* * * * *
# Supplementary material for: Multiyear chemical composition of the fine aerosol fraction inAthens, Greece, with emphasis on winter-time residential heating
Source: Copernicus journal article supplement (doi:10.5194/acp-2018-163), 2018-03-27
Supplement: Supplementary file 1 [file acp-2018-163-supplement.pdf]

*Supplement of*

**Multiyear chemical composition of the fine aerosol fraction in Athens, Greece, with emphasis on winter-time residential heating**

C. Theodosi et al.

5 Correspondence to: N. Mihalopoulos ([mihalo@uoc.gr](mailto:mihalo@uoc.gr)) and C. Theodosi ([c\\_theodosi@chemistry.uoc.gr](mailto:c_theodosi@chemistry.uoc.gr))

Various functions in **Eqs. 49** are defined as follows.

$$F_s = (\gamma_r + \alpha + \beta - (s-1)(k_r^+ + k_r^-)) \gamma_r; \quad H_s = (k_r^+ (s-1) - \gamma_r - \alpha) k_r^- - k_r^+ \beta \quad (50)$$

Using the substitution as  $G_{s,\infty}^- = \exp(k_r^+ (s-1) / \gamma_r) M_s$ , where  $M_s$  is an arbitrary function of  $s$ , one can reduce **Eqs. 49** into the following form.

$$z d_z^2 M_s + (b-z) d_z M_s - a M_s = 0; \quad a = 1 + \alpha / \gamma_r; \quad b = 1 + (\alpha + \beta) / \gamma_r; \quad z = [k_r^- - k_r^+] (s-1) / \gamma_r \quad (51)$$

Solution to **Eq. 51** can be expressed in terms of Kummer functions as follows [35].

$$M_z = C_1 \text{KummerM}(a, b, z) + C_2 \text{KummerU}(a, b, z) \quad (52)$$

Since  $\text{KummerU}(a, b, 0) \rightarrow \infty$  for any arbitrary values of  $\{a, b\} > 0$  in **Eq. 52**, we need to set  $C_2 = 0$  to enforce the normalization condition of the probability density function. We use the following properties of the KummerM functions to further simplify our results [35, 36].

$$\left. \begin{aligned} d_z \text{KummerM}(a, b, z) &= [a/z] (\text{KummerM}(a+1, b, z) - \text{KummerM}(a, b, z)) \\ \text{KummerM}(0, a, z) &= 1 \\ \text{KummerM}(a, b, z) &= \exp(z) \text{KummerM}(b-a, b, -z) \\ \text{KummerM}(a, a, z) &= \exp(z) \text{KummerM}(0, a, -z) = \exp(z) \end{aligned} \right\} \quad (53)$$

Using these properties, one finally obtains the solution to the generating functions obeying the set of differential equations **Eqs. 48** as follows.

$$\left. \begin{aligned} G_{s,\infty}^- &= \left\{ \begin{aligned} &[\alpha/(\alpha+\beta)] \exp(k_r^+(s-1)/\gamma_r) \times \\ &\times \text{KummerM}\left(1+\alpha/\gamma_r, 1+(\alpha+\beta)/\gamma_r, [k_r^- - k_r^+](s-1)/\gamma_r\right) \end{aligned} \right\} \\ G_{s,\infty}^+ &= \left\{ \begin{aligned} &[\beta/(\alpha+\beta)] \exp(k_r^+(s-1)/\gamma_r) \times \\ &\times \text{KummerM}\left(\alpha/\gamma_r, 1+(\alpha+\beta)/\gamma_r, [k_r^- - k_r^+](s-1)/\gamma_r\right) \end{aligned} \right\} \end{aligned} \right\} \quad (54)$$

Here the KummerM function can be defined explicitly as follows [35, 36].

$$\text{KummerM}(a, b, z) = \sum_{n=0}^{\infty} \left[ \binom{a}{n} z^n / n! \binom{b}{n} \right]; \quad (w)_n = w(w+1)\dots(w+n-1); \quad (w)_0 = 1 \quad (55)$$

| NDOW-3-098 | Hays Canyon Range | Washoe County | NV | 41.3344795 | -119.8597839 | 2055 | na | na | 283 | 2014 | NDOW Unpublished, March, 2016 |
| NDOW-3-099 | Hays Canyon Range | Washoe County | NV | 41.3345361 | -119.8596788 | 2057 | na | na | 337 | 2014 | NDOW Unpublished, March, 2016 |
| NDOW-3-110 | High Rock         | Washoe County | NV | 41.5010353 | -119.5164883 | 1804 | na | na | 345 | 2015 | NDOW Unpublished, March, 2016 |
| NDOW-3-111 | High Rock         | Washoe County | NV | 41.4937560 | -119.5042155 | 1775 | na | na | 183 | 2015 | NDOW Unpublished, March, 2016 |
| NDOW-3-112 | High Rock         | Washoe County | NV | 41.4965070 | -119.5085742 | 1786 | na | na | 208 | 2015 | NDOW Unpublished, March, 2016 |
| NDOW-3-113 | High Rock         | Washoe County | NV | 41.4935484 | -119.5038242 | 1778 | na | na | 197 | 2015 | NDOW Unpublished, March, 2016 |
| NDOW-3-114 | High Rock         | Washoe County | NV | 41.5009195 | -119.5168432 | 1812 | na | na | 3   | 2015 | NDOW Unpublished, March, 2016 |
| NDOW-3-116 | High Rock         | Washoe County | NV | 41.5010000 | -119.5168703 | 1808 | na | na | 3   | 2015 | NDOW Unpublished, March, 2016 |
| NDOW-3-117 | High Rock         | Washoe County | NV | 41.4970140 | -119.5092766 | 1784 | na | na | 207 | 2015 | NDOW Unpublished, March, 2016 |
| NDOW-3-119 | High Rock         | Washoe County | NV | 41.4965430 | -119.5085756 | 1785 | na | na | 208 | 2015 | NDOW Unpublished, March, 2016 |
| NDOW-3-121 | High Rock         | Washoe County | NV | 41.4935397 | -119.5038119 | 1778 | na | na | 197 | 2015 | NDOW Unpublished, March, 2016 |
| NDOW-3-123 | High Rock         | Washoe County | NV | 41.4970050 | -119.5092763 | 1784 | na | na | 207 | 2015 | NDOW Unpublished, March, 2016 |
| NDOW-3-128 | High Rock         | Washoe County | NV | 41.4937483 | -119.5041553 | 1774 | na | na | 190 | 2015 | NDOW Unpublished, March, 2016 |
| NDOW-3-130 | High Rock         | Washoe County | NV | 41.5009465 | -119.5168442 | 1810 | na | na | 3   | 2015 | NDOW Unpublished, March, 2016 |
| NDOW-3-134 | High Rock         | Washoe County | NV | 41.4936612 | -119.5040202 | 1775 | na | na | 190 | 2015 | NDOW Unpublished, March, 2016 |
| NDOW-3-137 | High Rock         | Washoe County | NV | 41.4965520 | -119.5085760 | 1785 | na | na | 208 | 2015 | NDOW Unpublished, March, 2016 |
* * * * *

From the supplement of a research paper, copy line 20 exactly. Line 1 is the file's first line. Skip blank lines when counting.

| NDOW-3-098 | Hays Canyon Range | Washoe County | NV | 41.3344795 | -119.8597839 | 2055 | na | na | 283 | 2014 | NDOW Unpublished, March, 2016 |